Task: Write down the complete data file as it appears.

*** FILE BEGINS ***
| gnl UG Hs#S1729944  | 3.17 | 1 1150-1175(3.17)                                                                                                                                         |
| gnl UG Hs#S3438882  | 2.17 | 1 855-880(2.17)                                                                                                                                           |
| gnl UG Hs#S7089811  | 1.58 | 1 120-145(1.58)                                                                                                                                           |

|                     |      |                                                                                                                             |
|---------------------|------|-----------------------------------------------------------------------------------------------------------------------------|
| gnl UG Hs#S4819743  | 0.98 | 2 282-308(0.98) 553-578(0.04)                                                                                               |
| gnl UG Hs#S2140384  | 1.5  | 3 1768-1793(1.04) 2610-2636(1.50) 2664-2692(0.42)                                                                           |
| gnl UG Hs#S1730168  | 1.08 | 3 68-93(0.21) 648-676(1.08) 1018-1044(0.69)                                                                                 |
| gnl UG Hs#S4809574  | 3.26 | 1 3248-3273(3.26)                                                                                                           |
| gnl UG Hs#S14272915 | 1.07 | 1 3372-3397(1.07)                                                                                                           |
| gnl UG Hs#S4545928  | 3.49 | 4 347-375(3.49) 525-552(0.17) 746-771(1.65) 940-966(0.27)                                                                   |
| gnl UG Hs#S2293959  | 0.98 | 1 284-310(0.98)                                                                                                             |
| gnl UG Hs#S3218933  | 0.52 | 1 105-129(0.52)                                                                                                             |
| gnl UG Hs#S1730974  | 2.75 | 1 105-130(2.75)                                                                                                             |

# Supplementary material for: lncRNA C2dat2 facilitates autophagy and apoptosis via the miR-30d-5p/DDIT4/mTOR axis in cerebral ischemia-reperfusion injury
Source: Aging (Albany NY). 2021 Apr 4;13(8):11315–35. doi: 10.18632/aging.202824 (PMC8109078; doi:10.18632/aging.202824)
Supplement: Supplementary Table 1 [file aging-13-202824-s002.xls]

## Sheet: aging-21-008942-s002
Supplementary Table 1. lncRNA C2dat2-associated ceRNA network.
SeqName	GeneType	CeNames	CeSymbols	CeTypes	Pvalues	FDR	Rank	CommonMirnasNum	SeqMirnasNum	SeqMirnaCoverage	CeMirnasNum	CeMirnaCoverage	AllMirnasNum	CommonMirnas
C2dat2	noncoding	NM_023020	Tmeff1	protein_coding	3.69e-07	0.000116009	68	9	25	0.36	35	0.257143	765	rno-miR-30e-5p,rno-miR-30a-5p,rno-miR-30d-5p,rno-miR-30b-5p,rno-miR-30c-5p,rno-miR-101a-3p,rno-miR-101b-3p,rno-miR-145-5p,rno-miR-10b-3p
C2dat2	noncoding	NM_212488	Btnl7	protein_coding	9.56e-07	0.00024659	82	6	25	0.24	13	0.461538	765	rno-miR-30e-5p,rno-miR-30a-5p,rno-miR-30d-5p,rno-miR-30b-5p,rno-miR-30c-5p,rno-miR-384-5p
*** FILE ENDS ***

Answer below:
| gnl UG Hs#S1729944  | 3.17 | 1 1150-1175(3.17)                                                                                                                                         |
| gnl UG Hs#S3438882  | 2.17 | 1 855-880(2.17)                                                                                                                                           |
| gnl UG Hs#S7089811  | 1.58 | 1 120-145(1.58)                                                                                                                                           |

|                     |      |                                                                                                                             |
|---------------------|------|-----------------------------------------------------------------------------------------------------------------------------|
| gnl UG Hs#S4819743  | 0.98 | 2 282-308(0.98) 553-578(0.04)                                                                                               |
| gnl UG Hs#S2140384  | 1.5  | 3 1768-1793(1.04) 2610-2636(1.50) 2664-2692(0.42)                                                                           |
| gnl UG Hs#S1730168  | 1.08 | 3 68-93(0.21) 648-676(1.08) 1018-1044(0.69)                                                                                 |
| gnl UG Hs#S4809574  | 3.26 | 1 3248-3273(3.26)                                                                                                           |
| gnl UG Hs#S14272915 | 1.07 | 1 3372-3397(1.07)                                                                                                           |
| gnl UG Hs#S4545928  | 3.49 | 4 347-375(3.49) 525-552(0.17) 746-771(1.65) 940-966(0.27)                                                                   |
| gnl UG Hs#S2293959  | 0.98 | 1 284-310(0.98)                                                                                                             |
| gnl UG Hs#S3218933  | 0.52 | 1 105-129(0.52)                                                                                                             |
| gnl UG Hs#S1730974  | 2.75 | 1 105-130(2.75)                                                                                                             |

# Supplementary material for: lncRNA C2dat2 facilitates autophagy and apoptosis via the miR-30d-5p/DDIT4/mTOR axis in cerebral ischemia-reperfusion injury
Source: Aging (Albany NY). 2021 Apr 4;13(8):11315–35. doi: 10.18632/aging.202824 (PMC8109078; doi:10.18632/aging.202824)
Supplement: Supplementary Table 1 [file aging-13-202824-s002.xls]

## Sheet: aging-21-008942-s002
Supplementary Table 1. lncRNA C2dat2-associated ceRNA network.
SeqName	GeneType	CeNames	CeSymbols	CeTypes	Pvalues	FDR	Rank	CommonMirnasNum	SeqMirnasNum	SeqMirnaCoverage	CeMirnasNum	CeMirnaCoverage	AllMirnasNum	CommonMirnas
C2dat2	noncoding	NM_023020	Tmeff1	protein_coding	3.69e-07	0.000116009	68	9	25	0.36	35	0.257143	765	rno-miR-30e-5p,rno-miR-30a-5p,rno-miR-30d-5p,rno-miR-30b-5p,rno-miR-30c-5p,rno-miR-101a-3p,rno-miR-101b-3p,rno-miR-145-5p,rno-miR-10b-3p
C2dat2	noncoding	NM_212488	Btnl7	protein_coding	9.56e-07	0.00024659	82	6	25	0.24	13	0.461538	765	rno-miR-30e-5p,rno-miR-30a-5p,rno-miR-30d-5p,rno-miR-30b-5p,rno-miR-30c-5p,rno-miR-384-5p